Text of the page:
“Where the Wild things Are” script review

Culture Vulture has a look at the Dave Eggers and Spike Jonze penned screenplay for the 2008 release of Where the Wild Things Are, based on the classic children’s novel by Maurice Sendak.

Eggers has been one of the few literary rock stars of the past decade and Spike Jonze really doesn’t need to whip out his indie/hipster/scenester/cool kids badge anytime soon. He’s earned enough between his vidoes and the last two movies he’s directed.

But if there are two people in this world with the visual language (Jonze has that in bunches) and the wonderment of childhood (pick up any Eggers book and it’s easy to see his fascination with childhood) to successfully adapt this book, then these two guys are it.

Strange that there hasn’t been more coverage/leakage of this film at this point. So what does Culture Vulture think of the script?

In transforming the 338-word story of Where the Wild Things Are into a 111-page screenplay, Eggers and Jonze have fleshed out the story not, unexpectedly, with wild plot developments, and not, thankfully, with densely packed pop-fiction references. Instead Where the Wild Things Are is filled with richly imagined psychological detail, and the screenplay for this live-action film simply becomes a longer and more moving version of what Maurice Sendak’s book has always been at heart: a book about a lonely boy leaving the emotional terrain of boyhood behind.

Max, the hero of Wild Things, is now an 8-year-old with an absent father, an older sister who’s drifting away from him, a mother whose personal and job concerns leave her little time or energy for the rambunctious boy she dearly loves. Eggers and Jonze ? mostly, we suspect, Eggers ? touchingly sketch this troubled family unit and carefully track the rising frustration and alarm Max feels as his world becomes darker and more unhappy, until, on page 21, he runs away, climbs aboard a boat, and sails to the island of the Wild Things.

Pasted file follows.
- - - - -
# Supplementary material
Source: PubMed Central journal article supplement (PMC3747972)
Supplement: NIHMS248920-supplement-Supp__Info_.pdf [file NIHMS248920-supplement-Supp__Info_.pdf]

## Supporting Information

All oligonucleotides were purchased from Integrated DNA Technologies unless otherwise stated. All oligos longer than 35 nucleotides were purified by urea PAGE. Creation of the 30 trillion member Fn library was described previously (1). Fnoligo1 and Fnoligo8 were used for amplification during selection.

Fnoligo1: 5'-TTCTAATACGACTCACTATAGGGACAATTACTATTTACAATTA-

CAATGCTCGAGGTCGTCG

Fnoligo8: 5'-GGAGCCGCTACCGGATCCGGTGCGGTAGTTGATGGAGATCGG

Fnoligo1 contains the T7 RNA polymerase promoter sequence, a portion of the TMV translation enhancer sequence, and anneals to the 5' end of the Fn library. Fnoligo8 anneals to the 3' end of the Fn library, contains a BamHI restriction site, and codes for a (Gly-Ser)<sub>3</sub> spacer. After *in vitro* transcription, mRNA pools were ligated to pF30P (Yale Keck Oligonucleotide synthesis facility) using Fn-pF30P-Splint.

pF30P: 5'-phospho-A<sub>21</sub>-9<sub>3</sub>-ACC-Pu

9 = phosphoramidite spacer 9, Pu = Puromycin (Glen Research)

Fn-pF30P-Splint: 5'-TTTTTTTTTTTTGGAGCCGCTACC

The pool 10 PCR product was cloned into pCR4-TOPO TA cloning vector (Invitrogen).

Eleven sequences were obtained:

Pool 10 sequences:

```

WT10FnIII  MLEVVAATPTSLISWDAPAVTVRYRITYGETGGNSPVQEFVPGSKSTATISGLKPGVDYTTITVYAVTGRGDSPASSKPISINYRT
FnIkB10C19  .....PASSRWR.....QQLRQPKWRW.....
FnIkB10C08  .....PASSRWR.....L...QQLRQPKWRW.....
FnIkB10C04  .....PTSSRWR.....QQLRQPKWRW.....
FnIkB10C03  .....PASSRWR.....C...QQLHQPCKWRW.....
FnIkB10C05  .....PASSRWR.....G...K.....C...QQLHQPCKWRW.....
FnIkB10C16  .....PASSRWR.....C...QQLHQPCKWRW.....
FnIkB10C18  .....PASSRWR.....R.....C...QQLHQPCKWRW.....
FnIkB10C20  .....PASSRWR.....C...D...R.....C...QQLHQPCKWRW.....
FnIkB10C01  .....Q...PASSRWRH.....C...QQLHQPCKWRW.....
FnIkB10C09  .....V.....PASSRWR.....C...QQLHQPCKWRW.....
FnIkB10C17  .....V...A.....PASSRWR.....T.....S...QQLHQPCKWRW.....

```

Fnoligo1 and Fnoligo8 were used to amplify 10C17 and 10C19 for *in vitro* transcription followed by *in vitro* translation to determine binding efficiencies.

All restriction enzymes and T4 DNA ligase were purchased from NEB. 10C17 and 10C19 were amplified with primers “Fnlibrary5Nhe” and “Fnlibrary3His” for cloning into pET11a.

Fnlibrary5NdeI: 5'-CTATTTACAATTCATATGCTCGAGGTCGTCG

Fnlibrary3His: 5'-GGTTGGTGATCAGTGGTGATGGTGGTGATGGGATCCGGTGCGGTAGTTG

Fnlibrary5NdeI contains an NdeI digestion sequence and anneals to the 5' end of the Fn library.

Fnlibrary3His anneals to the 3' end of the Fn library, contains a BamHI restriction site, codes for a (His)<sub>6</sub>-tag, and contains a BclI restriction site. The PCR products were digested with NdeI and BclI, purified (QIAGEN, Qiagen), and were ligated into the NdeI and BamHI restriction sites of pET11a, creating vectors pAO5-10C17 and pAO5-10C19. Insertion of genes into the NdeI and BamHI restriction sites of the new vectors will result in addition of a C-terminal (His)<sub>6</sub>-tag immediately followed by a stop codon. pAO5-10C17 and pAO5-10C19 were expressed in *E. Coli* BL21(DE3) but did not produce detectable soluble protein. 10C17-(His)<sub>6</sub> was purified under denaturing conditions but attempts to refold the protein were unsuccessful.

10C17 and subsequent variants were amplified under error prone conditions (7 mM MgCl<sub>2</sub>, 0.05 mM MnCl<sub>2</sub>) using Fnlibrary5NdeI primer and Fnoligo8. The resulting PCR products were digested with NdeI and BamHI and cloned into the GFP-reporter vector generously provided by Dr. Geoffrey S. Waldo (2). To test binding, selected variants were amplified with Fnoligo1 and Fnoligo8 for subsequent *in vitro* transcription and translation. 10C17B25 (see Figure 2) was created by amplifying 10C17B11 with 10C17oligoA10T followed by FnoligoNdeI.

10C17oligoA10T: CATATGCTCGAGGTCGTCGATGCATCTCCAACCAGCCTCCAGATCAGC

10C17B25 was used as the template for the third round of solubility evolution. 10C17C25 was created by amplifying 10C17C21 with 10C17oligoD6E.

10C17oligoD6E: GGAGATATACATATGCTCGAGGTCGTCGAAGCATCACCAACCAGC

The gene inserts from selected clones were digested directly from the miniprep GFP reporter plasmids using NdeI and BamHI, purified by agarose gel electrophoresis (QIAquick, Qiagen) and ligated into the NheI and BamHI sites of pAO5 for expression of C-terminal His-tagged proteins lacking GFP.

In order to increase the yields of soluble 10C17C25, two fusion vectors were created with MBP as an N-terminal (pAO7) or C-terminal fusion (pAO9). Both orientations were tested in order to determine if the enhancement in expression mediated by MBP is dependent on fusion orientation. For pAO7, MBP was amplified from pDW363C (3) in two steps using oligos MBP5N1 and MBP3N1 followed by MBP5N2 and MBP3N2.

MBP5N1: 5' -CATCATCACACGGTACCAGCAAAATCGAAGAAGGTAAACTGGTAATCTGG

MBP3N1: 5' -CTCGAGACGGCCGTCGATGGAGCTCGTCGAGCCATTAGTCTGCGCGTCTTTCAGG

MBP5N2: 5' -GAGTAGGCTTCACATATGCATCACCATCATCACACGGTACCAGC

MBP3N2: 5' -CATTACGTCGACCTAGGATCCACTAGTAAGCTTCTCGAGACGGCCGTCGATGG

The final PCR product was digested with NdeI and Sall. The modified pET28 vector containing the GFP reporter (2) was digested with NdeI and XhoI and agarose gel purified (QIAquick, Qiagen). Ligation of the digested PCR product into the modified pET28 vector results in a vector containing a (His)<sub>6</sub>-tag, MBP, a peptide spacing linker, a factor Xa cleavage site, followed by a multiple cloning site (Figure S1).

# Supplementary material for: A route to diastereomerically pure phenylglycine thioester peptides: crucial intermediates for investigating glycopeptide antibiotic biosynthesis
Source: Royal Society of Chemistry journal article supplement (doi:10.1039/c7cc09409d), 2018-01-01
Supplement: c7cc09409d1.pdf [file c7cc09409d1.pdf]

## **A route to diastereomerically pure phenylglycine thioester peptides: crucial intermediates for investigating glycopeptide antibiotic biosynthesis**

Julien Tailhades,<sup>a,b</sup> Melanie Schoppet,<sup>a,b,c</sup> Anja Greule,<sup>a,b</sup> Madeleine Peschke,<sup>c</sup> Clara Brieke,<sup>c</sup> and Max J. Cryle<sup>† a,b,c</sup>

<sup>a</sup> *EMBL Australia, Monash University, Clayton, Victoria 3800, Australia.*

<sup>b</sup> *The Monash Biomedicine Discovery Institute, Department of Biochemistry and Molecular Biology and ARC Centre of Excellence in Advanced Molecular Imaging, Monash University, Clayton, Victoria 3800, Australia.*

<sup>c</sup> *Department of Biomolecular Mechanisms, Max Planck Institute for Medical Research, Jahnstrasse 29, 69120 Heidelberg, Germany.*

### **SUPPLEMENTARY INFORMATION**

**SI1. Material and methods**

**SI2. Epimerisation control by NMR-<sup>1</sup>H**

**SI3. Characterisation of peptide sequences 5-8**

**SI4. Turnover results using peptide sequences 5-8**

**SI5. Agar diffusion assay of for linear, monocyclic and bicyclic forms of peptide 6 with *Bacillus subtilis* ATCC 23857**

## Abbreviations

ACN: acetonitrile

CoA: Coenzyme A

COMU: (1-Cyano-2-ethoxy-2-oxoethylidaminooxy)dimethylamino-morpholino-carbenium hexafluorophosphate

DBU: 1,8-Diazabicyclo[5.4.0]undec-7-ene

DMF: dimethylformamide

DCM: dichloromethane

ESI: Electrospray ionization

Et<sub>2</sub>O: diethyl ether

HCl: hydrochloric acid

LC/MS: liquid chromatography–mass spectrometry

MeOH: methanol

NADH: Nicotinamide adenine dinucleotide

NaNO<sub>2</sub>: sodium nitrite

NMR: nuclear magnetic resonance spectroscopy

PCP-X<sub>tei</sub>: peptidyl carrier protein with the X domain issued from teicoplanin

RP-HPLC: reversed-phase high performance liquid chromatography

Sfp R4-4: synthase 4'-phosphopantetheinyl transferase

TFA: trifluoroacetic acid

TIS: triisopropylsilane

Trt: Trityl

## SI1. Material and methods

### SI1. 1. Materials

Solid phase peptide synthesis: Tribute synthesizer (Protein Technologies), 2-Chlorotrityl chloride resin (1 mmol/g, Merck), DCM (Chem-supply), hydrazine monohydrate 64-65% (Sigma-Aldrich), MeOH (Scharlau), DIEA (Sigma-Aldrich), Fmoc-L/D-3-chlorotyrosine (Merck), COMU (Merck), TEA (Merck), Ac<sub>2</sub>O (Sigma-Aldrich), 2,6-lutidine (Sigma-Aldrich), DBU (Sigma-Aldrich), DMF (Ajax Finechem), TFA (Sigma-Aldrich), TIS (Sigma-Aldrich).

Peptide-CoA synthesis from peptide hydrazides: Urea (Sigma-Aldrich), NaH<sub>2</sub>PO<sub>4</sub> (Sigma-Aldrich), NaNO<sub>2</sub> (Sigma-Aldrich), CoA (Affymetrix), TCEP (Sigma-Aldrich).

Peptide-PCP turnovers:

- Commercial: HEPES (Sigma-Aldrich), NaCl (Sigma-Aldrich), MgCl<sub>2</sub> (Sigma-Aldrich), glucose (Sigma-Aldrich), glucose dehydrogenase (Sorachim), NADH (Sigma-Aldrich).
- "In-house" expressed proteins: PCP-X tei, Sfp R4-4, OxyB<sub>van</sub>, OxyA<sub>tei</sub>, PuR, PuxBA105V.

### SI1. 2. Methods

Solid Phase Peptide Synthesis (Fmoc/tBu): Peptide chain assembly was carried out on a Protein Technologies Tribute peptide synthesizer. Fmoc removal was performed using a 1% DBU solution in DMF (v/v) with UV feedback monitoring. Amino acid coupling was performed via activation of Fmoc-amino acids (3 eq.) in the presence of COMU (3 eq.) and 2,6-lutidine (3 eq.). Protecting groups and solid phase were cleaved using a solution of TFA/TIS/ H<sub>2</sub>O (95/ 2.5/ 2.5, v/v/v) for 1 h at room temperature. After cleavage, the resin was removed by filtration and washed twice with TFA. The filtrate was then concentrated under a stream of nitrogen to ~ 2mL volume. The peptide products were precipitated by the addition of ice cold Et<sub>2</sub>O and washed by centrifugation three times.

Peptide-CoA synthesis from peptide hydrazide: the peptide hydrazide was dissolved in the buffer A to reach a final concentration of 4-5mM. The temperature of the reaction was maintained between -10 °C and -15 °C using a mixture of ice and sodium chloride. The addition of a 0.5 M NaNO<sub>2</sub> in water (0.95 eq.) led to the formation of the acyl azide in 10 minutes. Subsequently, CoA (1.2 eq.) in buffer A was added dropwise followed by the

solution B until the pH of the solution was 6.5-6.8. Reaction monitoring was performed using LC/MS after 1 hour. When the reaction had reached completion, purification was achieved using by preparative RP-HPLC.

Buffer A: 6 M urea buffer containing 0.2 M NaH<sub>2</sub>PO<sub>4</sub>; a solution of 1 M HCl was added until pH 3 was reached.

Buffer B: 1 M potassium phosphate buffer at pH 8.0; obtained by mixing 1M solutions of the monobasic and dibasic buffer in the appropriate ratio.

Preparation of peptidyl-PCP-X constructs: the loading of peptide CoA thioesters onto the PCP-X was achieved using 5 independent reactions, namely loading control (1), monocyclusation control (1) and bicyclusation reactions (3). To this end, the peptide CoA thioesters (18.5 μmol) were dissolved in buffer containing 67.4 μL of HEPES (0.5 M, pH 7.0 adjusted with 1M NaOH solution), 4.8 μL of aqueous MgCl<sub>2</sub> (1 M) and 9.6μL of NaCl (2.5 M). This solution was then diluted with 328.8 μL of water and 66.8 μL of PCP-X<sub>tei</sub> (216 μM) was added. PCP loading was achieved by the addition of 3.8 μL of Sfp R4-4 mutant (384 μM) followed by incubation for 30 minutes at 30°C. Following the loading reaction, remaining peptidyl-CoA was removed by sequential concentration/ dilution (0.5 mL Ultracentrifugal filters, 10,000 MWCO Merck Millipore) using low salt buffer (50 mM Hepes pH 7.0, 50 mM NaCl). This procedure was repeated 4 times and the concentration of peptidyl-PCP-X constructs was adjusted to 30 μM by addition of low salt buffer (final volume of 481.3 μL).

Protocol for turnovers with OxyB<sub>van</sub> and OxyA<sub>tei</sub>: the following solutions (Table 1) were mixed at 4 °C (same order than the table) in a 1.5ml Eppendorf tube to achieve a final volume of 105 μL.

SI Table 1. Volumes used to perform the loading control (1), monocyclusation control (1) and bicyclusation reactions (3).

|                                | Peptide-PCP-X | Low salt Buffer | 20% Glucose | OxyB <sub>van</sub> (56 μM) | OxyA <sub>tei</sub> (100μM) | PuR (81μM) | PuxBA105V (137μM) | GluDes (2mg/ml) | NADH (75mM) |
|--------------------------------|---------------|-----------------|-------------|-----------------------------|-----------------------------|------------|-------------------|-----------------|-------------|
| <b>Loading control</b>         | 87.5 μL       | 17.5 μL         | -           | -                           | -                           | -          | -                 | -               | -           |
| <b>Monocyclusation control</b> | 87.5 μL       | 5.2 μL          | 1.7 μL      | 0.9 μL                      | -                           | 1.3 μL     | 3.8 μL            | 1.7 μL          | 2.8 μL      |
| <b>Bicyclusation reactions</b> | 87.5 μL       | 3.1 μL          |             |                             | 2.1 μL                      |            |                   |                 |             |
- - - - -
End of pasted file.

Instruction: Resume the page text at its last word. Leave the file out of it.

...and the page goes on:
There Jonze’s influence begins to be felt, as the enormous creatures ? with names like Carol, Alexander, and K.W. ? look to Max as their King, and in a series of marvelous adventures, wrestle tornadoes, eat mud, and tame hawks. Always, though, there’s a subtle undercurrent of menace, and it becomes clear that while spinning a yarn, Jonze and Eggers are also taking us on a tour of Max’s psyche, as he works out so many of the issues that plague his young life. But any time the drama threatens to overcome the story’s wonder, along comes another visual cherry bomb to shake things up: a tiny model of a city with rivers for streets; a pile of Wild Things, wiggling and wet, with Max sleeping against them; Max’s final hiding place, and how he gets out. We won’t give too much more away, because the pleasures of this screenplay are in its moment-to-moment details and discoveries.

Interesting, no? Sounds like they’ve done a good job. If this and the early photo that leaked is any indication, then this will certainly be one of the more enjoyable movies of next year.

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